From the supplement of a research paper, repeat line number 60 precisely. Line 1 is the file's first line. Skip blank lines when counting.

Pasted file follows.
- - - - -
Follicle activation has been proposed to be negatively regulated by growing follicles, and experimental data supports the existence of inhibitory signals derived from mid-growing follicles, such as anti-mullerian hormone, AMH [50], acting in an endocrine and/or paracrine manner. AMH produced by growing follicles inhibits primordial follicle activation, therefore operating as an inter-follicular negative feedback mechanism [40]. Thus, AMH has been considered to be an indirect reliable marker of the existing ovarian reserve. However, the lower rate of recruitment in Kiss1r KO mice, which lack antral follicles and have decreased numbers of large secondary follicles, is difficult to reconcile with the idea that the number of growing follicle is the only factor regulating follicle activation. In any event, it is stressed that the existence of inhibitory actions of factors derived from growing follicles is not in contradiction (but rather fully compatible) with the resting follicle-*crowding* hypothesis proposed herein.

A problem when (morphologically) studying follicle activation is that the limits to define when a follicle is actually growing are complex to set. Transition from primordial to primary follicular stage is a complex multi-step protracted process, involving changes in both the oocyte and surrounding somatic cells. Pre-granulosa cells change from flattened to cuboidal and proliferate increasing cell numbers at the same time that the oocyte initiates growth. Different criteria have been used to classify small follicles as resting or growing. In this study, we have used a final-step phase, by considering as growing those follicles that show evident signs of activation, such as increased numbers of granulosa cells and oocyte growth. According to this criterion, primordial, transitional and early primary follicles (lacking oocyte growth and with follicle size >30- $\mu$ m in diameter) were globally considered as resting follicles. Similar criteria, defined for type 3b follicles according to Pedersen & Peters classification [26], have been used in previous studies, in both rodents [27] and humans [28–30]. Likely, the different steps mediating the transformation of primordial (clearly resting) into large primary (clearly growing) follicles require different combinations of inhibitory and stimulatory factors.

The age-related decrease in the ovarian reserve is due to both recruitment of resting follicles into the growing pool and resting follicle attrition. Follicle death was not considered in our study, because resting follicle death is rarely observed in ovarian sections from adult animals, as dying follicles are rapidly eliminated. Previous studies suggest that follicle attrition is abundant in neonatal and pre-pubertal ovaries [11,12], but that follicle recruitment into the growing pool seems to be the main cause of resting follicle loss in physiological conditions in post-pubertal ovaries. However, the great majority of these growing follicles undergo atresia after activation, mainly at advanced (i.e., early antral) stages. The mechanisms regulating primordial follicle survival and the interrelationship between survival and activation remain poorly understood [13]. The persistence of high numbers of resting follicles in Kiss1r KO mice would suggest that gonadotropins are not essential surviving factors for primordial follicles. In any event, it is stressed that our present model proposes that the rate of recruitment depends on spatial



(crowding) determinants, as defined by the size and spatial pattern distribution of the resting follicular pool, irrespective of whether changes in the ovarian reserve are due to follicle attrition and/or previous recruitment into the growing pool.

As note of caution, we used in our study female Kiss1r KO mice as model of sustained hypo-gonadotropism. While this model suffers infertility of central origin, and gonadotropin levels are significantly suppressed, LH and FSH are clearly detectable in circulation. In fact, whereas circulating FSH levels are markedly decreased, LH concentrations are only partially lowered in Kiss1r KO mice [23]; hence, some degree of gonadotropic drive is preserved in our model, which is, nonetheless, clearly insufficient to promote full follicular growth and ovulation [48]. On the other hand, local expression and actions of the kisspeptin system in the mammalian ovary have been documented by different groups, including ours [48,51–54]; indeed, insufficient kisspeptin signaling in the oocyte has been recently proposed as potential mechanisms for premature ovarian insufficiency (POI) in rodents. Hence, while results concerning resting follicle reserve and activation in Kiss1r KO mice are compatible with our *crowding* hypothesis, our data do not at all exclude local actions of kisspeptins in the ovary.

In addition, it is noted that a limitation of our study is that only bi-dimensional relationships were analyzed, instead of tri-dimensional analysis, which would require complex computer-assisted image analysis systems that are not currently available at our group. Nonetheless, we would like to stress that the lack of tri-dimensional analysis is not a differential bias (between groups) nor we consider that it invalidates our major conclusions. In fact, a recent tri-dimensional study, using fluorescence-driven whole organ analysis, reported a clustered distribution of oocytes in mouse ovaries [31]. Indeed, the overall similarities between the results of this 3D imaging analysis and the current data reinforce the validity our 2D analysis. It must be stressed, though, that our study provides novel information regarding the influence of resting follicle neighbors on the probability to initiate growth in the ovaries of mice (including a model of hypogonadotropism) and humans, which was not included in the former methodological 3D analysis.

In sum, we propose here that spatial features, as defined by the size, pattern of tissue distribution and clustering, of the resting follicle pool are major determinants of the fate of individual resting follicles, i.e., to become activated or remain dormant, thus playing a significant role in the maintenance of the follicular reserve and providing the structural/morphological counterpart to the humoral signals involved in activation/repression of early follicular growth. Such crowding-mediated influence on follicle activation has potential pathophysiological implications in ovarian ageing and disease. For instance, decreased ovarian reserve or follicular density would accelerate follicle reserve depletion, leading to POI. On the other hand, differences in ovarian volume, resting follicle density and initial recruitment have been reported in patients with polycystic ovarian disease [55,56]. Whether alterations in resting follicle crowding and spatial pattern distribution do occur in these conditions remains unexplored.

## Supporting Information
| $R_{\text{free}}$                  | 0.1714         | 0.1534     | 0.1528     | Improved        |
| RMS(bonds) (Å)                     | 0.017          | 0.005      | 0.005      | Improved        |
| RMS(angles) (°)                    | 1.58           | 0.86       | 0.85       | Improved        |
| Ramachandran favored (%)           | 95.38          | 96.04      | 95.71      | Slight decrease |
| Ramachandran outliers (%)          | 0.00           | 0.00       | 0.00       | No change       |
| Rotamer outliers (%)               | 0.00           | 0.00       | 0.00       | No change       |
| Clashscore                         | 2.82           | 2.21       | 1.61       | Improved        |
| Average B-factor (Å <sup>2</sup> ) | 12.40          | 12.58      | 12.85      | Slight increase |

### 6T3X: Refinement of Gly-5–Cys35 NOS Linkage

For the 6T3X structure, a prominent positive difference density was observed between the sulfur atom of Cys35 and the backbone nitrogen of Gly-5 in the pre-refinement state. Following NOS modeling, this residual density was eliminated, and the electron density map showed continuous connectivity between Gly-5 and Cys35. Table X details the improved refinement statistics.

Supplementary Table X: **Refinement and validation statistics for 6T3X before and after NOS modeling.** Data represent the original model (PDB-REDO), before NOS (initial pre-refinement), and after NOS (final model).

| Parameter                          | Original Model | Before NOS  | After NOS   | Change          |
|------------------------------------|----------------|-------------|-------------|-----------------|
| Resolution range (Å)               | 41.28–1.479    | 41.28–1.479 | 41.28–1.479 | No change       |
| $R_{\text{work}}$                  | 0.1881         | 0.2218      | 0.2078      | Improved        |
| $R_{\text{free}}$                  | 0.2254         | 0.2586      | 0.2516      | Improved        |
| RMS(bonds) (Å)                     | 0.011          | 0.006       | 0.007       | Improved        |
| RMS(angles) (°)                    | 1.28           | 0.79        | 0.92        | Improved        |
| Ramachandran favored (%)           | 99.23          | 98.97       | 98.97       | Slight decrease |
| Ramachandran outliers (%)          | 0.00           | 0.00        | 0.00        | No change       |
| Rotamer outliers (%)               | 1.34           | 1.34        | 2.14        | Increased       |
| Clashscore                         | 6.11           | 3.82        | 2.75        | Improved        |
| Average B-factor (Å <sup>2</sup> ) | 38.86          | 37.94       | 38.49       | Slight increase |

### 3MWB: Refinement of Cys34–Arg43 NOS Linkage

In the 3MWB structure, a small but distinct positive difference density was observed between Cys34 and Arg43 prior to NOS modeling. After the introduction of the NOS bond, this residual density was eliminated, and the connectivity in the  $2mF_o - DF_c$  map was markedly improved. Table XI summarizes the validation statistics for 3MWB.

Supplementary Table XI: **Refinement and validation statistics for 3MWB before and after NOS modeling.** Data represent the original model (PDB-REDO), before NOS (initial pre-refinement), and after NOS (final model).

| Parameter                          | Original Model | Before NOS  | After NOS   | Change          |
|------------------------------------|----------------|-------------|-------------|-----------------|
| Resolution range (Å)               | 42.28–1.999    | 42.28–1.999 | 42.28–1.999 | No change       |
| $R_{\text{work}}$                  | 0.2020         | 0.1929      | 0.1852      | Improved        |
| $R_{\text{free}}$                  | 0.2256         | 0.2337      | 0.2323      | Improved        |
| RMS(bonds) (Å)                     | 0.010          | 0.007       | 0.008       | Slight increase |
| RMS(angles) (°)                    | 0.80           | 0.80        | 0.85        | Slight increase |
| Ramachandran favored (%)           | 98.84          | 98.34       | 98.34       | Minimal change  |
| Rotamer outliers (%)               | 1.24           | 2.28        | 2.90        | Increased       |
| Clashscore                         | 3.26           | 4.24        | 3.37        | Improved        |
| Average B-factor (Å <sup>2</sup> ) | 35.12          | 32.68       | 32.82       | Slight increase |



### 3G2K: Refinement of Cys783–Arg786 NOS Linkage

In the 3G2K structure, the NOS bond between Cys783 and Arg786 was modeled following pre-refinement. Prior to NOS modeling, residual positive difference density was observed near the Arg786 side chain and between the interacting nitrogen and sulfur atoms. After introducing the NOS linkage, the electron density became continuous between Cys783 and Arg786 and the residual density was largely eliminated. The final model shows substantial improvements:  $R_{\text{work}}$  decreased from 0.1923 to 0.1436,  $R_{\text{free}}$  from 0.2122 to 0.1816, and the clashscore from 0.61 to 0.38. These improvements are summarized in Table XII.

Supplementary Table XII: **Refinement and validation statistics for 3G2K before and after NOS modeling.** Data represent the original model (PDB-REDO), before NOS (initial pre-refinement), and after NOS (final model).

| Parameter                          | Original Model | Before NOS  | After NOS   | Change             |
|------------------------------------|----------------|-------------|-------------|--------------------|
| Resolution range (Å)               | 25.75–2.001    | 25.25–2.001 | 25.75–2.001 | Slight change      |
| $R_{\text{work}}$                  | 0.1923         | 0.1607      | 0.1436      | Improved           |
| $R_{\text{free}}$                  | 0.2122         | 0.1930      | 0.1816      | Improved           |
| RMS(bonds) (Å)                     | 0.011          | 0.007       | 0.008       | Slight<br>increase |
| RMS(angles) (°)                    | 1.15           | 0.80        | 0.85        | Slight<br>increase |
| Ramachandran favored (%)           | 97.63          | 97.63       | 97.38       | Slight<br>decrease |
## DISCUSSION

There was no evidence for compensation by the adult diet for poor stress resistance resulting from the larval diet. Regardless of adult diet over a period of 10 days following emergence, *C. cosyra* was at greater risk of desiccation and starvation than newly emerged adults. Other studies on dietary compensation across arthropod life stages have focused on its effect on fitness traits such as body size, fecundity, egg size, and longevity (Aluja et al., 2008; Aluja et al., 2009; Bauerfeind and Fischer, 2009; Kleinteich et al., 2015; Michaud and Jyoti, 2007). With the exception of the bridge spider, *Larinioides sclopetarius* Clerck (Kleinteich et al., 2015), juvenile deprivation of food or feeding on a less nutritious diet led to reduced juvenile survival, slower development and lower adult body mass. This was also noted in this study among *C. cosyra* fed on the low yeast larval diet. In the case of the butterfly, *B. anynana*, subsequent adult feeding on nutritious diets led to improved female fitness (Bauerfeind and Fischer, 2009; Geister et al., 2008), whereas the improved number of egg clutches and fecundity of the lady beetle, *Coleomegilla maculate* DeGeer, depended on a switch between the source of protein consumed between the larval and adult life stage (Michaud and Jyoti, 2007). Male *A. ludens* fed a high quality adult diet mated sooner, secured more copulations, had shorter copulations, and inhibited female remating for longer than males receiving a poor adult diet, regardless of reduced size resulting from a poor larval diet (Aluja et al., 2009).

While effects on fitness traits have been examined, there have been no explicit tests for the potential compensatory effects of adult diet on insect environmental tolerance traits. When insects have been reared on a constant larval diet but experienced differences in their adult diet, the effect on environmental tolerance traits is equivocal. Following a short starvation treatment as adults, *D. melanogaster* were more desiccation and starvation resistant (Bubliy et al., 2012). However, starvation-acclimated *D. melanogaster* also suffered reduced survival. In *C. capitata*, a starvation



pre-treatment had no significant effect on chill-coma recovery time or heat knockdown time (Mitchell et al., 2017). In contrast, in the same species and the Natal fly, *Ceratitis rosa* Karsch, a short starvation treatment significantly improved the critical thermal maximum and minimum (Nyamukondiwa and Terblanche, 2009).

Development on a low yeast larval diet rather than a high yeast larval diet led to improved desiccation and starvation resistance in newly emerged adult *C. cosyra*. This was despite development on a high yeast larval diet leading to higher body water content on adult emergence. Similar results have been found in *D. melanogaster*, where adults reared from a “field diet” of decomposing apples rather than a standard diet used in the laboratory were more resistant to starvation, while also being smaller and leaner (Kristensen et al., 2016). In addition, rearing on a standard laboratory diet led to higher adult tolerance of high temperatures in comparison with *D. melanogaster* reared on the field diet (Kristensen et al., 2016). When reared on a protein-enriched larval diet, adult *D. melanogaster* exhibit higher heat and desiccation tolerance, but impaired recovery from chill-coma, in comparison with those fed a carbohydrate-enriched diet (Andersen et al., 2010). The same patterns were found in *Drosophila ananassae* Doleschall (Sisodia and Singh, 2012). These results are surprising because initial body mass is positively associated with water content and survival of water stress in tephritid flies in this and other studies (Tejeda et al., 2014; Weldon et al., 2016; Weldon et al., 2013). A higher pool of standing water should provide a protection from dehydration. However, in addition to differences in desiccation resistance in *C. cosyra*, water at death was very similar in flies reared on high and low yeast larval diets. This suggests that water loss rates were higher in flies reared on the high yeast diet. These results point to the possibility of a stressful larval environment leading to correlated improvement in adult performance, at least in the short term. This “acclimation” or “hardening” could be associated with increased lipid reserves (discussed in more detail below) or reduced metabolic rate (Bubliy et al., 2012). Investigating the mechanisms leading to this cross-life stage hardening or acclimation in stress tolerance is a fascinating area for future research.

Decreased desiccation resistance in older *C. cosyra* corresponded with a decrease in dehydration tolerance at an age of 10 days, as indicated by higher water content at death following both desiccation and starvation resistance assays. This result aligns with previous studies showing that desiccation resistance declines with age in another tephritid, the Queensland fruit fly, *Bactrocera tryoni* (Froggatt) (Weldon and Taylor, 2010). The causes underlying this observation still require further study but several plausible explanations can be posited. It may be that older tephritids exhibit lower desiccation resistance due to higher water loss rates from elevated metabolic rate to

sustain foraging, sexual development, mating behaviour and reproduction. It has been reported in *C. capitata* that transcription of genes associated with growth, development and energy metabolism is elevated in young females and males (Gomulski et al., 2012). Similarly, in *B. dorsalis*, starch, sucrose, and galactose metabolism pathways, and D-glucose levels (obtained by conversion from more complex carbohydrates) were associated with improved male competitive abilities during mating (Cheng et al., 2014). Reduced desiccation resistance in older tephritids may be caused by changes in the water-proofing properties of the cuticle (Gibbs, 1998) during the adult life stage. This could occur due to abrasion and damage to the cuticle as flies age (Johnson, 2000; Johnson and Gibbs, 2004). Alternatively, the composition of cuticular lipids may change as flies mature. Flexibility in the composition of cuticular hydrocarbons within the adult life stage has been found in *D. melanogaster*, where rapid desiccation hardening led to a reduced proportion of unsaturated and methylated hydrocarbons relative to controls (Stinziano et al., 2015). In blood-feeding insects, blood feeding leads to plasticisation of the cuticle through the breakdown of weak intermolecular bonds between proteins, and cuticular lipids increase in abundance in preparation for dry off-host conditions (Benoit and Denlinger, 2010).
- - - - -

pre-treatment had no significant effect on chill-coma recovery time or heat knockdown time (Mitchell et al., 2017). In contrast, in the same species and the Natal fly, *Ceratitis rosa* Karsch, a short starvation treatment significantly improved the critical thermal maximum and minimum (Nyamukondiwa and Terblanche, 2009).